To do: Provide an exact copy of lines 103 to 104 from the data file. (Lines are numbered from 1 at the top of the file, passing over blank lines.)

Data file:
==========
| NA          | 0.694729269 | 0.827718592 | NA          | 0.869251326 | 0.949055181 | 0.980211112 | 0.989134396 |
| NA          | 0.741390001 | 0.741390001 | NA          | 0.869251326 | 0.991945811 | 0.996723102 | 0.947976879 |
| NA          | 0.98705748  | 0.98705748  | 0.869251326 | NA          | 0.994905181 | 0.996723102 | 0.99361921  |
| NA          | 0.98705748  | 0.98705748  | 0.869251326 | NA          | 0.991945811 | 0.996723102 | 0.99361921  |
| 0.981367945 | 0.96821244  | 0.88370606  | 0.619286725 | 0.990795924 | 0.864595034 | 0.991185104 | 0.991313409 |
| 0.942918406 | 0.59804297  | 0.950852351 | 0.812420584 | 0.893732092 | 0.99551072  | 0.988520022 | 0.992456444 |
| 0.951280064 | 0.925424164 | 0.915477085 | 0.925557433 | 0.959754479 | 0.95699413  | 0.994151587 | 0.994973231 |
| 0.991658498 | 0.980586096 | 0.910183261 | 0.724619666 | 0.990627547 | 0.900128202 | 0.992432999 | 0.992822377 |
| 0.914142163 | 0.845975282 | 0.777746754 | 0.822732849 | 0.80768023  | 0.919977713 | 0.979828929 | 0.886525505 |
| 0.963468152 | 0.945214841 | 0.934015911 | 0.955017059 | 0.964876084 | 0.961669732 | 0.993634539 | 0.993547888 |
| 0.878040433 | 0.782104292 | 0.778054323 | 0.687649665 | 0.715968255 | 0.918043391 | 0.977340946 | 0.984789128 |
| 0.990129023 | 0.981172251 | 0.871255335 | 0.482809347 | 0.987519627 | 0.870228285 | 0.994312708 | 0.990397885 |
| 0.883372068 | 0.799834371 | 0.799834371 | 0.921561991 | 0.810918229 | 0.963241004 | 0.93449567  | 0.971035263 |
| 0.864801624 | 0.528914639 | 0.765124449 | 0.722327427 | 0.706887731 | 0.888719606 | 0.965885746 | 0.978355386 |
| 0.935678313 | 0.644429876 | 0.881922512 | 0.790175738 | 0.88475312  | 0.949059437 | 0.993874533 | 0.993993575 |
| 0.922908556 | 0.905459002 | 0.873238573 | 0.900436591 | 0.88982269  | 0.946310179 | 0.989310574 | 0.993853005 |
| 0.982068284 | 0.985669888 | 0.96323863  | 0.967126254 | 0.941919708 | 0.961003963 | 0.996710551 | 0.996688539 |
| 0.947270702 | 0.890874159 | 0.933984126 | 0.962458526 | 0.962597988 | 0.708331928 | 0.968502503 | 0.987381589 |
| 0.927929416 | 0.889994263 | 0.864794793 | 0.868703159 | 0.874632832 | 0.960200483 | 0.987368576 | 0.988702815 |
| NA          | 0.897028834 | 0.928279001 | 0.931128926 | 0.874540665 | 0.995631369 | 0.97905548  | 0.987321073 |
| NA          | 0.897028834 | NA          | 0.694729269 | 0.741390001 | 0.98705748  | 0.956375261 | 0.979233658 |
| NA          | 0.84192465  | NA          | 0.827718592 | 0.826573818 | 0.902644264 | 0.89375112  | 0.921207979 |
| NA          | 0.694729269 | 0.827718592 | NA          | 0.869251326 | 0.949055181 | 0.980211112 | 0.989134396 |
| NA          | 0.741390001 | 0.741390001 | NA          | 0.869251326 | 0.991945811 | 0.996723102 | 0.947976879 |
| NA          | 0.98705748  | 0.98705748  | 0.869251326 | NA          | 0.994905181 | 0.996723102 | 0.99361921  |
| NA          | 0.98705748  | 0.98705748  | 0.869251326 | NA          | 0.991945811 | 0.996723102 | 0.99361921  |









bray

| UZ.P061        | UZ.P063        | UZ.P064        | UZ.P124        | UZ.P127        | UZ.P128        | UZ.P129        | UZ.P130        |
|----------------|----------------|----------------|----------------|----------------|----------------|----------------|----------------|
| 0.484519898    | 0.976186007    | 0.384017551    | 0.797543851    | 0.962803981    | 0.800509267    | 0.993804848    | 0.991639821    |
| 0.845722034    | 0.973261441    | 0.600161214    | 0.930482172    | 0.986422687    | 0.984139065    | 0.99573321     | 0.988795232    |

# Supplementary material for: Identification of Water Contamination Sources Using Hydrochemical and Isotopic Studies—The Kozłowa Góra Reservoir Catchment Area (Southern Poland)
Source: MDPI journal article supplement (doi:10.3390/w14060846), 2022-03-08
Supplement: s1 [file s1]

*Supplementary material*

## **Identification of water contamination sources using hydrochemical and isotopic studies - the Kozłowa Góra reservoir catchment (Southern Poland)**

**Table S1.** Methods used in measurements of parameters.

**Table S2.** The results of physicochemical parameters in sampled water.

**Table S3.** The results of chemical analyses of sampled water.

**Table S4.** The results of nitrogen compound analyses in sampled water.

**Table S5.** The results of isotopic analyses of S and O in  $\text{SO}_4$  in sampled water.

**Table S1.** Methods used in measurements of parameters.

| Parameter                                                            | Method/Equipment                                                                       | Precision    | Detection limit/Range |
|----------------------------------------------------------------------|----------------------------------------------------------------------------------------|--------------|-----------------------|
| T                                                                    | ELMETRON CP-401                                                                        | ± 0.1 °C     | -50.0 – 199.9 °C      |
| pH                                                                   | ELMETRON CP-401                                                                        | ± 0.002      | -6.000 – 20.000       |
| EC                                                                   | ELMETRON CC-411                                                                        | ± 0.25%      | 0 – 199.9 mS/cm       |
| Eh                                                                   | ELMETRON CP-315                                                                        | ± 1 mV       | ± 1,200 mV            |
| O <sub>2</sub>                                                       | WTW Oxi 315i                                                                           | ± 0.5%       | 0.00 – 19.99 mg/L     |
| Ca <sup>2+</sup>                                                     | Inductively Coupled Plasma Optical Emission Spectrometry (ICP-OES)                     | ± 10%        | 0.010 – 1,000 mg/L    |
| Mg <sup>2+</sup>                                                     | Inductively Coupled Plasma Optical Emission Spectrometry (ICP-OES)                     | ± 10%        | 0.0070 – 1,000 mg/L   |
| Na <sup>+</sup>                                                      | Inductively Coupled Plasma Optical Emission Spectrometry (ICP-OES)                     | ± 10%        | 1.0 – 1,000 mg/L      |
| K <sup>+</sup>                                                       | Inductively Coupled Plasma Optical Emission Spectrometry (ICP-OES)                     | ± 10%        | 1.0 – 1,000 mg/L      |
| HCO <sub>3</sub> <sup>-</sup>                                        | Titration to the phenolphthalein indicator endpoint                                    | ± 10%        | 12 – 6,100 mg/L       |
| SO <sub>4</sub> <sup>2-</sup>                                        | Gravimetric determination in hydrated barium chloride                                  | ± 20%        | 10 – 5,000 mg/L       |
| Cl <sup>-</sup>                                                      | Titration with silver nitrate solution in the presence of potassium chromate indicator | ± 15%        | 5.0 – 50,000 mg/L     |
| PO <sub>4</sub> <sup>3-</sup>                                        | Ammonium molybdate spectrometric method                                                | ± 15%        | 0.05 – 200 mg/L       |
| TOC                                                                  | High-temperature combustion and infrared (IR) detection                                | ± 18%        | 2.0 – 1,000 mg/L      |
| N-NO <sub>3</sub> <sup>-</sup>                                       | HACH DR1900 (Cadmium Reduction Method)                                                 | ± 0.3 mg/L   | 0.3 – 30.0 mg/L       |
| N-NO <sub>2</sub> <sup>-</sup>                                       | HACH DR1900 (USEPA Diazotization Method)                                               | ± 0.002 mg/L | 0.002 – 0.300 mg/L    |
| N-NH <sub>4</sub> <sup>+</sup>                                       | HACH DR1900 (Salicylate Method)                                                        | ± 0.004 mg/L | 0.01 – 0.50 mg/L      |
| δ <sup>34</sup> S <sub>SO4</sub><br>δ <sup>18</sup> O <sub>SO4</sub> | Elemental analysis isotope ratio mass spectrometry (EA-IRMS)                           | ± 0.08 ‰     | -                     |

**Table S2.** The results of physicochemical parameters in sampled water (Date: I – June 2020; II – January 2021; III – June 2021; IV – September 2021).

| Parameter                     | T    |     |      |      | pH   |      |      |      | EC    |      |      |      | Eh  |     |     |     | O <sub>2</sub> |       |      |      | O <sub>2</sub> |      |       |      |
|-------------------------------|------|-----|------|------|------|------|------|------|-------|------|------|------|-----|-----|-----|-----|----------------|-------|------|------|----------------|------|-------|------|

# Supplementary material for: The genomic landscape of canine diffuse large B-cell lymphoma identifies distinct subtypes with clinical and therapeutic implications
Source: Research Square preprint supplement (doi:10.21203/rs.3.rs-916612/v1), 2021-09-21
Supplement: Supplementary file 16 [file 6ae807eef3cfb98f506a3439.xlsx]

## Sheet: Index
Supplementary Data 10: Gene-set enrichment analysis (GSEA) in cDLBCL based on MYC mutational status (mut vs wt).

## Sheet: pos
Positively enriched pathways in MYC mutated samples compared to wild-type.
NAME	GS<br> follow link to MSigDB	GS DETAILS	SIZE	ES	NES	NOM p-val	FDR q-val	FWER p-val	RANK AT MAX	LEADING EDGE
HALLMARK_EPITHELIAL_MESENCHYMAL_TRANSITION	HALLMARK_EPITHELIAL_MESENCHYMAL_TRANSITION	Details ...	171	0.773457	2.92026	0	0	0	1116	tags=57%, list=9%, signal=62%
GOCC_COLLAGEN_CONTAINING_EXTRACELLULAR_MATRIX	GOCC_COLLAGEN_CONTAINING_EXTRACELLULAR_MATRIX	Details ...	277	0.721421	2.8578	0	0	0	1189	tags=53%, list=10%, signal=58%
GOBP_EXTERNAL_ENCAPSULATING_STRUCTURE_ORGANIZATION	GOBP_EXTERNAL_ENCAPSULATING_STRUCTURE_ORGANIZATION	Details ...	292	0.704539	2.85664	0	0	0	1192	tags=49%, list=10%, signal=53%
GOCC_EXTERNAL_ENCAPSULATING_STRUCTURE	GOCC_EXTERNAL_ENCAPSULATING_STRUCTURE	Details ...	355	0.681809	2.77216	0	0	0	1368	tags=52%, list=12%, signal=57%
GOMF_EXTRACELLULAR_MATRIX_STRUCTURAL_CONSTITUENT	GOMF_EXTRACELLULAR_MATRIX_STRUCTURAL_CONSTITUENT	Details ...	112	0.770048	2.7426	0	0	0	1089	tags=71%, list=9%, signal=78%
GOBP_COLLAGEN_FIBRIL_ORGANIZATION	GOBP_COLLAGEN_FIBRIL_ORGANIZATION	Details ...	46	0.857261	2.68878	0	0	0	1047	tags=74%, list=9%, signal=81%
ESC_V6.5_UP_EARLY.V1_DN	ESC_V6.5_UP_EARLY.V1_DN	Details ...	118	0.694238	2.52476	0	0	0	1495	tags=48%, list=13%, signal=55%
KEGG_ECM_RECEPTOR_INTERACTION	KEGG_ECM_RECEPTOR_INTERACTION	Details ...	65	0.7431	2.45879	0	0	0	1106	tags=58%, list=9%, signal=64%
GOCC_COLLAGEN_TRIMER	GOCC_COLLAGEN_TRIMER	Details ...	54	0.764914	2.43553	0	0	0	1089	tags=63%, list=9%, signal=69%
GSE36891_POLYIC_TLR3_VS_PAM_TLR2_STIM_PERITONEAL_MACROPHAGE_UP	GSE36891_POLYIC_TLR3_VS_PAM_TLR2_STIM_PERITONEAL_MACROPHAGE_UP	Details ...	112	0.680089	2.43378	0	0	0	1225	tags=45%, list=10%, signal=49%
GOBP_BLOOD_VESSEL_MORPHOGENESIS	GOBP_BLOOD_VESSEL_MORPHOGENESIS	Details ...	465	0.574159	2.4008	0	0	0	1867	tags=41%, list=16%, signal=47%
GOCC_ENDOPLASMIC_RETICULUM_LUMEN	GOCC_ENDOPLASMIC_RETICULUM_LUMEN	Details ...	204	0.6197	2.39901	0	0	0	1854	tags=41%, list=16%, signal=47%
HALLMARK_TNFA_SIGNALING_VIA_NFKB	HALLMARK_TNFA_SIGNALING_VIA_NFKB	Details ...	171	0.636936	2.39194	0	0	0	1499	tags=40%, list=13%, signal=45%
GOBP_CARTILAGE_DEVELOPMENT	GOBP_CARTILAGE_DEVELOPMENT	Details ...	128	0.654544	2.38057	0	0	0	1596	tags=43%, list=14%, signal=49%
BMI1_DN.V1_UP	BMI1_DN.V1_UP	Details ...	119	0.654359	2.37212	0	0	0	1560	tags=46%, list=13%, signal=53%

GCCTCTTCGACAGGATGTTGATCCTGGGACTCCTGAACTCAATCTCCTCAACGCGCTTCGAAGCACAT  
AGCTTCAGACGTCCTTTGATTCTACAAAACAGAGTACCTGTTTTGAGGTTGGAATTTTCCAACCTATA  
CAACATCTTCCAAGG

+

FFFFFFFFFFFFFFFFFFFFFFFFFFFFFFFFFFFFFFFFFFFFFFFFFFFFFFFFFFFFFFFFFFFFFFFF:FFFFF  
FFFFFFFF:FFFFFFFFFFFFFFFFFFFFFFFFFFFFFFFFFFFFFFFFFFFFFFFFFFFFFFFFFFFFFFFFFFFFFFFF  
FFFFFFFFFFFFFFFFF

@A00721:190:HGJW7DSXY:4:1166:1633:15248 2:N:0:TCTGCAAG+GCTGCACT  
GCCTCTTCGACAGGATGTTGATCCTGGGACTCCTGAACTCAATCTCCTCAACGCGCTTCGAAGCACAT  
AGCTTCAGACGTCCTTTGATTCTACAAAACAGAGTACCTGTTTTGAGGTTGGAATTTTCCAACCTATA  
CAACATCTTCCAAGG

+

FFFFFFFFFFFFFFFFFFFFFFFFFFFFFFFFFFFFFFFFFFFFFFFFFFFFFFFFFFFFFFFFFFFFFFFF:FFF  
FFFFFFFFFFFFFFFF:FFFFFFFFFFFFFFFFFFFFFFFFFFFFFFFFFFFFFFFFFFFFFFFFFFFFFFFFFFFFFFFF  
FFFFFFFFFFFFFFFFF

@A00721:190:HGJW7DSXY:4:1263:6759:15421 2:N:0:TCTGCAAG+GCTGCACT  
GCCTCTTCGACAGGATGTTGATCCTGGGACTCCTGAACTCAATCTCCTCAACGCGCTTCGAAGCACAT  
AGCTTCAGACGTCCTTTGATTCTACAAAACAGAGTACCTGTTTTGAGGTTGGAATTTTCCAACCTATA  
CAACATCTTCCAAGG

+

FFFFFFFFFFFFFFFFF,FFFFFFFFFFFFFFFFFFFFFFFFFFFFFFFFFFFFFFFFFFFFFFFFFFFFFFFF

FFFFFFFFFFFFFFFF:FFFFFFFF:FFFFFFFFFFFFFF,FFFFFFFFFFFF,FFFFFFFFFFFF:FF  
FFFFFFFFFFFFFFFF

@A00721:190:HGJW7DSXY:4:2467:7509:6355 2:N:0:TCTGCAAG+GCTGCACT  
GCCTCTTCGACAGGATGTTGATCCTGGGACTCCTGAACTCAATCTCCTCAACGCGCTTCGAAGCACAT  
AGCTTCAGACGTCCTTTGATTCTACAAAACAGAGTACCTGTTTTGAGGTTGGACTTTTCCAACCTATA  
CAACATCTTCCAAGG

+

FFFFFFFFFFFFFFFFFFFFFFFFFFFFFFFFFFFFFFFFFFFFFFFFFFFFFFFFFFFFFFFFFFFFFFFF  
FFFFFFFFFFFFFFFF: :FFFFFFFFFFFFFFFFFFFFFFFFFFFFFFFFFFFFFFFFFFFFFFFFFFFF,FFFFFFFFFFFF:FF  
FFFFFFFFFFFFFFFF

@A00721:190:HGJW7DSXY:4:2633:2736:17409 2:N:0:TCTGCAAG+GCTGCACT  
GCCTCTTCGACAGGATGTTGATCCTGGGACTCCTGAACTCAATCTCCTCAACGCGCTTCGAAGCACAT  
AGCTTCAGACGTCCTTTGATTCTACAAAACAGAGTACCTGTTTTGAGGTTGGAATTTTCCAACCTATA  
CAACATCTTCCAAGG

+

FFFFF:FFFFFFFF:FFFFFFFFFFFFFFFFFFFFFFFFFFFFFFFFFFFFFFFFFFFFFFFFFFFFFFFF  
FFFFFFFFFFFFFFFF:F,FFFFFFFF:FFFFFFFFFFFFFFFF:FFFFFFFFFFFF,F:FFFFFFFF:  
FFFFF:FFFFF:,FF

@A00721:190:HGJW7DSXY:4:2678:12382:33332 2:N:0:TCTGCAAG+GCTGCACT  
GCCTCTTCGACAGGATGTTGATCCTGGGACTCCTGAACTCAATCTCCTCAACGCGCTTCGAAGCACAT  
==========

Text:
FFFFFFFFFFFFFFFFF

@A00721:190:HGJW7DSXY:4:1263:6759:15421 2:N:0:TCTGCAAG+GCTGCACT  